* South Korea's birth rate has fallen so low that obstetric students at Seoul's Kyunghee University Medical Center are using an American-made robot to practice delivering babies because there aren't enough human births. The life-size robot cost $20,000 and comes with its own "newborn" robot, which is equipped with lights on its hands and cheeks to indicate its health. Students practice pulling the baby out of the mother's body, simulating not only normal births, but also breech and Caesarean deliveries. "Students can practice in a very realistic situation with this mannequin," Professor Jung Eui told Reuters Television.
Unpatriotic Act After Southwest Airlines passengers Carl Warren Persing and Dawn Elizabeth Sewell, both in their forties, refused to stop engaging in "overt sexual activity" aboard a flight from Los Angeles to Raleigh, N.C., federal authorities charged them with violating the Patriot Act.
Incendiary Devices A cellphone apparently ignited in a man's pants pocket while he was asleep, setting fire to his nylon and polyester clothes. Luis Picaso, 59, suffered severe burns over at least half his body, according to Bill Tweedy of the Vallejo, Calif., fire department, who called it a freak accident. Although cellphone safety specialists told the San Francisco Chronicle that cellphone fires are very rare, a nonprofit organization that has recorded several incidents involving people injured by "exploding cellphones" warned of greater dangers from lithium-ion batteries used to power pocket-sized products. "You have to pack more and more energy into a small package," said Carl Hilliard of the Wireless Consumers Alliance, "and when you're doing that you're creating a little bomb, especially when the battery is fully charged."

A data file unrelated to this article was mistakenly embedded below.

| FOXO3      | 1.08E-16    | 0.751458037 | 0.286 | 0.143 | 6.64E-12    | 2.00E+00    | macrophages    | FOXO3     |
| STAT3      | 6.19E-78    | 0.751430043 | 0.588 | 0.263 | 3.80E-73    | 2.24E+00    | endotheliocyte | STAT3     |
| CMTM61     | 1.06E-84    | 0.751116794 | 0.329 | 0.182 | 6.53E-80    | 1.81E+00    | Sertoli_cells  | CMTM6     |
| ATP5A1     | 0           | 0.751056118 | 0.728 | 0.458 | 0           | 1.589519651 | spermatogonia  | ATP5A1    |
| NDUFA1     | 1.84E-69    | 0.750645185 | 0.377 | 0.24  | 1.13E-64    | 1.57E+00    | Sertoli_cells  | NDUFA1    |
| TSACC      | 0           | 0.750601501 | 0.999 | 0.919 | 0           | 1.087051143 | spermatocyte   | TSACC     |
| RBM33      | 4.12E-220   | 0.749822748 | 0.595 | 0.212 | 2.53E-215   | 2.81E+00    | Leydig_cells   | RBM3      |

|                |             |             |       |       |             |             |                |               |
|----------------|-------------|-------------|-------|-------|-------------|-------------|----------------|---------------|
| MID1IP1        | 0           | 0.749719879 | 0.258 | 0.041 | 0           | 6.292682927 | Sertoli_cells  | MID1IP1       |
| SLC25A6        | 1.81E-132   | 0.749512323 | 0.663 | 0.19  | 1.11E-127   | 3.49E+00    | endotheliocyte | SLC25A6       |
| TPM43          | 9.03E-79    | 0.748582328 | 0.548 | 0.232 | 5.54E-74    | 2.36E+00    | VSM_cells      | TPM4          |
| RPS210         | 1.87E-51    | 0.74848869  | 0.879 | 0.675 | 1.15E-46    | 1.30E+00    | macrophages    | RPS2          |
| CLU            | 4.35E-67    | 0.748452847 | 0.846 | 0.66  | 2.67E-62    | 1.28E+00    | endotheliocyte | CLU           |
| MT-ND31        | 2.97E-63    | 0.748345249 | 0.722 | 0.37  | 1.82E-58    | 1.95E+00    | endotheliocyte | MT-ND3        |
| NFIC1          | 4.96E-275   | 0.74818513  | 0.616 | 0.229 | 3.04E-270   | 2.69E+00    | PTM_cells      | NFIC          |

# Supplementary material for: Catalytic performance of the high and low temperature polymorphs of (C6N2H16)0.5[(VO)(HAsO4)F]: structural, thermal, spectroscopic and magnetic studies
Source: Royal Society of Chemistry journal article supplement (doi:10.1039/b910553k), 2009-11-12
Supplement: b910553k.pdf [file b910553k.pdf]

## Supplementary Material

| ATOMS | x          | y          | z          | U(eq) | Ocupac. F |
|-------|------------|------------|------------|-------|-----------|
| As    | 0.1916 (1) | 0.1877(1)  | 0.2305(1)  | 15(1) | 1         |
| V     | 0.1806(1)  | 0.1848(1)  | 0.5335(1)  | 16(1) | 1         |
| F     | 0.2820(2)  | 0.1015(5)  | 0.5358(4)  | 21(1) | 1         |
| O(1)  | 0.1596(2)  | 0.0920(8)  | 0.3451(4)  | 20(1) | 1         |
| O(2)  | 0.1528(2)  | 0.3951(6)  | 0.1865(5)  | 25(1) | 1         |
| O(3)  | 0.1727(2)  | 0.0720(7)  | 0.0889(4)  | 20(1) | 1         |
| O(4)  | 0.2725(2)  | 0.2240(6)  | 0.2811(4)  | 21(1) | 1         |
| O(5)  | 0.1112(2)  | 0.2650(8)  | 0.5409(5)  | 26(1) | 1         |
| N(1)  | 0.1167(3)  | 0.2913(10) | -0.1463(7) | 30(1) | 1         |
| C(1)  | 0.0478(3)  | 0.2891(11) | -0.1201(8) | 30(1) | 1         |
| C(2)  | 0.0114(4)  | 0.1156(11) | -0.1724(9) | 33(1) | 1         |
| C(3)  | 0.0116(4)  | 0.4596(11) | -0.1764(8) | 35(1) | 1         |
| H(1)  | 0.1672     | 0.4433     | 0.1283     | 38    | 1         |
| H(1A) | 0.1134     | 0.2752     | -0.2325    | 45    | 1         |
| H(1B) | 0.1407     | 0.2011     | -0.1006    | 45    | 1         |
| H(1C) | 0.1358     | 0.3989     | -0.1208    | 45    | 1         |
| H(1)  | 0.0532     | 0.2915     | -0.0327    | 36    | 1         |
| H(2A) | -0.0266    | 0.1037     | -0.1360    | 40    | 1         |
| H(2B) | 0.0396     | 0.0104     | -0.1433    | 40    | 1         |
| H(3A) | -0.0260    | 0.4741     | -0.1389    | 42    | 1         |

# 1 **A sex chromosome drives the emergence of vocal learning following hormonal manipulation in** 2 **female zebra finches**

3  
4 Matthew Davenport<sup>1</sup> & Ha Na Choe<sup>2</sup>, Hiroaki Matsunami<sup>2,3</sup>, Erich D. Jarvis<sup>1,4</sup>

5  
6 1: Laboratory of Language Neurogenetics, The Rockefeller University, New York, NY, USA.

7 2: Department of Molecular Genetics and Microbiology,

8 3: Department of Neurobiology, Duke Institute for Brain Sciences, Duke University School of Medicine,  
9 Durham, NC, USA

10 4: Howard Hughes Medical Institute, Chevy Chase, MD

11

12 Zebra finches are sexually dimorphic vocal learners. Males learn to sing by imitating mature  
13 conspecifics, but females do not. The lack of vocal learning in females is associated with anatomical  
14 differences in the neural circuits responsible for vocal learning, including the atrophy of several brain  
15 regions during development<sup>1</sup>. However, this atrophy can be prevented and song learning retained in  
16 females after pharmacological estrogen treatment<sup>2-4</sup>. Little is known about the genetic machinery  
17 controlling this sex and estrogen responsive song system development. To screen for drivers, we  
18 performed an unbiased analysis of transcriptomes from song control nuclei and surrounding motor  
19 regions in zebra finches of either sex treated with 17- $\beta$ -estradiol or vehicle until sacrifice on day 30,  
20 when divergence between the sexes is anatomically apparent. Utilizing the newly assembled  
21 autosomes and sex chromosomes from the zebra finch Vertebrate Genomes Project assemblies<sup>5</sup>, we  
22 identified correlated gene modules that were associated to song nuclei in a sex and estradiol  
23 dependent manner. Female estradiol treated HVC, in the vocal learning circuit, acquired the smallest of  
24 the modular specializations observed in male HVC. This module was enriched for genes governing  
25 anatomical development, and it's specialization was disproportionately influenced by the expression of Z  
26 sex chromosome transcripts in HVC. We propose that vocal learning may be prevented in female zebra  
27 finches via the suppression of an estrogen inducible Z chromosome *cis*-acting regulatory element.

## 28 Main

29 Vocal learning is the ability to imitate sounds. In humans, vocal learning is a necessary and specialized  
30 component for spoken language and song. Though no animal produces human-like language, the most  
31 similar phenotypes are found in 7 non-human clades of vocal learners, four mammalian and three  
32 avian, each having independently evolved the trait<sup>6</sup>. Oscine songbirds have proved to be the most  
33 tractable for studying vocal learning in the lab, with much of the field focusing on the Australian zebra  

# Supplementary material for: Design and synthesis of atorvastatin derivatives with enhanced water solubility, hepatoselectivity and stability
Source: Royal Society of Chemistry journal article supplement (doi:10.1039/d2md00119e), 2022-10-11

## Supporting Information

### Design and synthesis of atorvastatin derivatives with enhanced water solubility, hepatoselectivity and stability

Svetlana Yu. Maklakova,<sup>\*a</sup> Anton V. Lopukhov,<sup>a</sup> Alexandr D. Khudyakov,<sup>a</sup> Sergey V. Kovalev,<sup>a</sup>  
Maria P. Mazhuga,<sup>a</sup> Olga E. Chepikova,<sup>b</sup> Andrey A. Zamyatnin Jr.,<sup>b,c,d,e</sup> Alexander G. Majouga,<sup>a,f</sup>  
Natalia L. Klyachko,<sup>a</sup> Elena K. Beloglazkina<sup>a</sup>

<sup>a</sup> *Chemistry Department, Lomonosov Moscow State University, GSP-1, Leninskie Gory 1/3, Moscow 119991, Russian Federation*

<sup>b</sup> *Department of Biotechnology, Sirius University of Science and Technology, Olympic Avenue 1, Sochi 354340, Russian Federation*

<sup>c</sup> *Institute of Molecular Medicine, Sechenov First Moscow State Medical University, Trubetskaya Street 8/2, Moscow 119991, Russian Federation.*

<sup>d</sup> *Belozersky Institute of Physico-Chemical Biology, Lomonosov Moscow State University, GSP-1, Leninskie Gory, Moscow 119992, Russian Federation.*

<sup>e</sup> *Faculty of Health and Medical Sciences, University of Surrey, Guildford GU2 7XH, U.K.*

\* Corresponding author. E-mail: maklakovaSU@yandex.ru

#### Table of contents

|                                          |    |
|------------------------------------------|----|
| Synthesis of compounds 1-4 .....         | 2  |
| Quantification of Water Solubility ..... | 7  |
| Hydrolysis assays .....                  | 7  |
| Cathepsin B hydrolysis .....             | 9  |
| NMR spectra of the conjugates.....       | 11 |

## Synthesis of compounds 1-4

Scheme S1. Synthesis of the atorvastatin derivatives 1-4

* Japan's Matsushita Electric Industrial Co. Ltd. announced a recall of 68,762 massage chairs, warning that the chairs could catch fire. The maker of Panasonic-brand goods said fires destroyed two massage chairs when power cords inside the chairs' motors emitted sparks. No one was injured.
Animal-Testing Follies German scientists at the University of Jena's Institute of Systematic Zoology and Evolutionary Biology ended an experiment in animal movement that involved a sloth climbing up then back down a pole because for three years the sloth, named Mats, had refused to budge. "Mats obviously wanted nothing to do with furthering science," university official Axel Burchardt said after the reluctant sloth was transferred to a zoo.
Nature Calls Police in Sandusky, Ohio, reported that a 25-year-old woman who went to urinate outside lost her balance and fell into Lake Erie. Officer Kevin Youskievicz and the woman's friend helped pull her out of the frigid water.
Pick-Up Line of the Week Police in Waukesha, Wis., accused Michael F. Knurr, 39, of telling at least five Milwaukee-area women they had a tick on them, then touching their buttocks and in some cases pulling down their pants. "We don't know what his potential gain is, if it's sexual gratification or he's trying to be funny, but it's a serious crime," Sgt. John Konkol said.